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Plight of undocumented children draws hundreds of lawyers wanting to help 

UHLC Professor Geoffrey Hoffman explains asylum law during a conference on ways to deal with the thousands of undocumented, unaccompanied children crossing into the U.S.

Janet BeckAug. 1, 2014 – A cross section of immigration experts, including University of Houston Law Center faculty, provided a crash course in the law Thursday to an auditorium full of lawyers and urged them to volunteer their services to ease the ongoing crisis of migrant children crossing the border.

Geoffrey Hoffman, UHLC clinical associate professor and director of the school’s Immigration Clinic, and Janet Beck, clinical assistant professor, were among nearly 30 speakers who detailed aspects of immigration law that are applicable to the ongoing “humanitarian crisis” and described services available through social service agencies.

The four-hour free CLE program was organized by Harris County Attorney Vince Ryan’s office and co-sponsored by the Law Center, the city’s two other law schools, and numerous law firms and non-profit organizations. Attendance was capped at 500, nearly filling the auditorium of the Houston Community College campus on the West Loop.

Geoffrey HoffmanHoffman explained the complicated process of obtaining asylum, one avenue of legal relief for the estimated 57,000 “Unaccompanied Alien Children” who have crossed the border since October. He described how applicants must prove persecution, or the fear of persecution, in their homeland by virtue of being a member of a PSG, or “Particular Social Group,” or other statutory ground. Persecution, he said, might come from criminals -- pressure to join a gang or retaliation for witnessing a crime – or due to race or ethnicity, religion, nationality, political beliefs, social standing, or any number of other factors.

He outlined a number of ethical and other issues attorneys might face in dealing with the young migrants, including language barriers, trauma resulting from their experiences, their capacity to understand and consent to various legal strategies, possible disabilities, and potential conflicts between the child and parents.

Hoffman suggested techniques for dealing with these minors, including shorter meetings, non-judgmental conversations, open-ended questions designed to get the child talking about their experiences, a show of empathy for their situation, and constant contact as the process moves along.

Group Shot“Don’t cut corners,” Hoffman advised the room full of lawyers. “Asylum law is very specific. You can’t use canned briefs. This is a lot of work,” he concluded, “but very satisfying.”

In a later panel discussion, Beck described the dual mission of the UHLC Immigration Clinic as teaching future lawyers and helping needy members of the community. “We like to take the complicated cases, not the plain vanilla cases involving citizenship,” she said in explaining how the program is gearing up to assist the young border migrants.

She urged members of the audience to serve as mentors to assist volunteers with the American Immigration Lawyer Association (AILA) Houston Unaccompanied Alien Children (UAC) Taskforce created in partnership with several pro bono groups. Attorneys are needed in all practice areas, but especially family law, she said.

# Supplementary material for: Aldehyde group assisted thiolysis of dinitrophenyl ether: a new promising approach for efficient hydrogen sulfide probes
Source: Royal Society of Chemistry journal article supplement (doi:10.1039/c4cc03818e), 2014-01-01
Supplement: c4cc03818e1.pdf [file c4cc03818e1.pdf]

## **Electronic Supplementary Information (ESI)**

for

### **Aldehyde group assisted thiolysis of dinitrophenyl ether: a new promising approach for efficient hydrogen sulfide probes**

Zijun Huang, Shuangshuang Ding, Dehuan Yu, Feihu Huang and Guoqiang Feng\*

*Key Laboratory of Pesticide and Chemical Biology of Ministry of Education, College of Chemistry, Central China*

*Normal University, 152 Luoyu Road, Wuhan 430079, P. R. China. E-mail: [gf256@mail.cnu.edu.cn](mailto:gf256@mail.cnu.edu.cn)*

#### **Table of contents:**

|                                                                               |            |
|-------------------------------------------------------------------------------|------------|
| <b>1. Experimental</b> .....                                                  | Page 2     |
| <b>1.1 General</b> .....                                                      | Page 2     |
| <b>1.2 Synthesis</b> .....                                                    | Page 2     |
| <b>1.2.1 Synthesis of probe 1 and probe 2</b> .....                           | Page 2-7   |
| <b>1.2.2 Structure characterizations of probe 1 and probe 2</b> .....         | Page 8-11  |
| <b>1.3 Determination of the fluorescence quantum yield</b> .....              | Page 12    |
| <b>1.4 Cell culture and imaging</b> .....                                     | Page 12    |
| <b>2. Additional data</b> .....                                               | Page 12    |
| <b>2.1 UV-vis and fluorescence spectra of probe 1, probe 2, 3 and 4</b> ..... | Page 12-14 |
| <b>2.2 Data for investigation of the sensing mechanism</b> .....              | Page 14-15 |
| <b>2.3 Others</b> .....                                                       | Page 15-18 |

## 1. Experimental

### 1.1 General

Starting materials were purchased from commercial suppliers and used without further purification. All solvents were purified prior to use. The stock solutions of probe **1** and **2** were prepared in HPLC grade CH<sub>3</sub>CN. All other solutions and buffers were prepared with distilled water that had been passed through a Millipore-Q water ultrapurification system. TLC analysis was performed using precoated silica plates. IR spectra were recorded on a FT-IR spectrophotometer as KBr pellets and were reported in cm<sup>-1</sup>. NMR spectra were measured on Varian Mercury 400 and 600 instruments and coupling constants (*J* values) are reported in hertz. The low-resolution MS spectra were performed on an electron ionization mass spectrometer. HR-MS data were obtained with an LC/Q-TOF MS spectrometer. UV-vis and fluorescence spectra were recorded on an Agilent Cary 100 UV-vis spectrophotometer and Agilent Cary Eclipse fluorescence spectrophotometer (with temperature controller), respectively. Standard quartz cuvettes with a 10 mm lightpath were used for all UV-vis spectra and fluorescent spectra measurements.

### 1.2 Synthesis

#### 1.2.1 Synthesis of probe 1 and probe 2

Other highlights include:

  • Group shotHarris County Sheriff Adrian Garcia said his deputies are undergoing training to recognize various forms of documentation that immigrants may be carrying depending on where they are in the legal process. He said he wants to make sure officers are “making an appropriate response” in every situation. He also urged audience members to contact law enforcement if they learn of criminal activity while dealing with the minors so those who prey on immigrants can be put away. “I’ve got room,” he said referring to the Harris County jail. On a personal note, Garcia said, “I have been to Guatemala and have seen very clearly what these people are up against.”
  • John J. Specia Jr., commissioner of the Texas Department of Family and Protective Services and a former state district judge, said the focus of the agency “is and always will be the child’s health and safety, particularly during this surge.” He said, contrary to expressed fears, the migrant children generally seem to be in very good health with only a few reported cases of chicken pox.
  • Juliet K. Stipeche, president of the HISD Board of Education, said students from Central America are already being enrolled in area schools. She said various programs, including Saturday classes, are planned to help acclimate the migrant children.
  • Vidal Martinez, ‎managing partner of Martinez Partners LLP and a 1977 UHLC graduate, noted that Houston is a focal point for the immigration crisis given its proximity to the border and its heavily Latino population.  “Yes we have a problem,” he said, calling upon the audience to help the children get through the first, legal phase of their plight and then the rest of the community to make sure they succeed in the future. “We are not Murrieta, California!” he said, referring to the town which made national headlines in July when residents blocked the arrival of buses carrying migrant children.
  • Houston Volunteer Lawyers, a service of the Houston Bar Association, operates a website,, that attorneys can access to see where help is needed and to offer their pro bono services.
  • For a list of upcoming 2014 Unaccompanied Alien Children (UAC) CLEs in Houston see: 2014 UAC CLES

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